Our tea-swilling Royals

I seem to be following the Royals on a tea tour of SE Asia.

First we decided to go to a tea house in Singapore for a traditional pot of tea with all the accompanying rituals –

 

only to find that Her Majesty had already enjoyed a cuppa here several years ago.

Our tea waiter told us that HM was very complimentary about the tea, and she took time to outline all the benefits of tea drinking to the staff.  Teaching grandmothers and sucking eggs came to mind, but on the contrary, he seemed highly delighted to have been told what he presumably already knew, by such an august personage.

The ceremony involved a lot of smelling –

at various stages of the process –

and then lots of pouring into tiny cups –

and it was a very zen and relaxing experience.  But we were careful not to get too relaxed

as the rules of the tea house include ‘no lying around’.  I’m sure HM approved of that rule too, or possibly suggested it in the first place.

Then we drove up through the cloud forest to the tea plantations in the highlands in central Malaysia.  It was a strange sensation to see the clouds swirling about you as you looked out at the tea bushes.

And as it’s a chilly 24 degrees Celsius, the locals all make sure to dress appropriately –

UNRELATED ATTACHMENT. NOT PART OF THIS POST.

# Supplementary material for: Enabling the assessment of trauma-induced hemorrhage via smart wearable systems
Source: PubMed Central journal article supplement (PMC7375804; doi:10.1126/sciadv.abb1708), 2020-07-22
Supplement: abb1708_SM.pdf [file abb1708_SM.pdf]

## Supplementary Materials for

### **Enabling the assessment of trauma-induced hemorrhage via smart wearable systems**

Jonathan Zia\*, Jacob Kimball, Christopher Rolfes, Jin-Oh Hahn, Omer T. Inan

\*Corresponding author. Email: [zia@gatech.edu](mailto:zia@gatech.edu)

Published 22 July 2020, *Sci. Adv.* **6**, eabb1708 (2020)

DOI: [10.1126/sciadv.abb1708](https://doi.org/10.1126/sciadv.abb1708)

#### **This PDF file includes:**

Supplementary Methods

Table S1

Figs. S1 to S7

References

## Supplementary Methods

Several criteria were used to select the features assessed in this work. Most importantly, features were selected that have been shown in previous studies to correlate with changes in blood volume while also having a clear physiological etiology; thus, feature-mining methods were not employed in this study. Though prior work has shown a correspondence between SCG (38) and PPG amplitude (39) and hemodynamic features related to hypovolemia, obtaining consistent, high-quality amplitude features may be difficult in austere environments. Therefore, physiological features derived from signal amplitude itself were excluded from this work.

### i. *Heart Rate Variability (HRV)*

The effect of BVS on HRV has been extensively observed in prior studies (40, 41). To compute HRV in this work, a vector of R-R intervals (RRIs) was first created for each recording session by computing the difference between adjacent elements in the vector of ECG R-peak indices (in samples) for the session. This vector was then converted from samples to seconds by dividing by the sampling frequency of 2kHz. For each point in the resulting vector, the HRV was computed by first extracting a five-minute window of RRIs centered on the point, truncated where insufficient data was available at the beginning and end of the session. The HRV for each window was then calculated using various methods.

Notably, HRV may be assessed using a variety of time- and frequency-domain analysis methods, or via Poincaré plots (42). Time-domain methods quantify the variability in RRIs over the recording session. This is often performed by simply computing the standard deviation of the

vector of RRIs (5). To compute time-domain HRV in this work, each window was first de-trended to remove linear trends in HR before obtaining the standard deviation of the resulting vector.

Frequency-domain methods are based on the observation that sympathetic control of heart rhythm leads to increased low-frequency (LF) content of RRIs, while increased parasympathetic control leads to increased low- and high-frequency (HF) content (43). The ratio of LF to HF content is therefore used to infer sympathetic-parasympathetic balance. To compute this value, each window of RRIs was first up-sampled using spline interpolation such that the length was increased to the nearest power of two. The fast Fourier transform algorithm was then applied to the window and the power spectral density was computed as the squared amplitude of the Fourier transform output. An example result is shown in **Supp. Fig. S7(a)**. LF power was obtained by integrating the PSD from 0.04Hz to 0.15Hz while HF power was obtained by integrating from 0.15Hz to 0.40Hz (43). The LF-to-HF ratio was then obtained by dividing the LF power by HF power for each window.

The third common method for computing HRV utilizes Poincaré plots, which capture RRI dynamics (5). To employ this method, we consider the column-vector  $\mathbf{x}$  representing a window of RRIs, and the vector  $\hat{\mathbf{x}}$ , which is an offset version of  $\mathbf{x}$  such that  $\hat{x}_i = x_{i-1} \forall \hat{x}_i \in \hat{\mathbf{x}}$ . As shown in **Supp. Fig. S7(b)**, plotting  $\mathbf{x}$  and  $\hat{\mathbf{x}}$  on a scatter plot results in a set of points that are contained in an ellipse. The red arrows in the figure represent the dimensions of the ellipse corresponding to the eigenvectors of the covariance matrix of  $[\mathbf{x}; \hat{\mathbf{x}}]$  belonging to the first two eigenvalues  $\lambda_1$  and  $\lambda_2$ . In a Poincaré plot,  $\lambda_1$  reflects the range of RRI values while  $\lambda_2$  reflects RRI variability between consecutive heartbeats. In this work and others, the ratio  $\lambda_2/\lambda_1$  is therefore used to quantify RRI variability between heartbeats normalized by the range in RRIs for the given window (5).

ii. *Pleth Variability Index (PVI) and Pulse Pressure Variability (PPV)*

in woolly hats

and furry boots.

And to think that the English are outdoors in shorts and t-shirts as soon as the temperature reaches doubles figures – how would Malaysians cope?

There was tea as far as the eye could see

which made us feel thirsty, so we trotted across to the tea shop – only to find that

William and Kate had already been there and given it the royal seal of approval.

So we had to try some ourselves.

It’s strange to be over 6,000 miles from Devon, but have cream teas available everywhere

Even the buildings look as though they could be somewhere in Surrey

But they do have something that hasn’t yet made it as far as England –

So I had to try some … purely in the interests of research.

I have been assured that these strawberries use specially angled mirrors to check their degree of ripeness, and once they reach the correct shade of red, they wrench themselves off the plant and hurl themselves into the nearest punnet.

A fortune awaits the entrepreneur who decides to introduce this variety into Britain – just think of the labour costs that all those Norfolk farmers will save.

 

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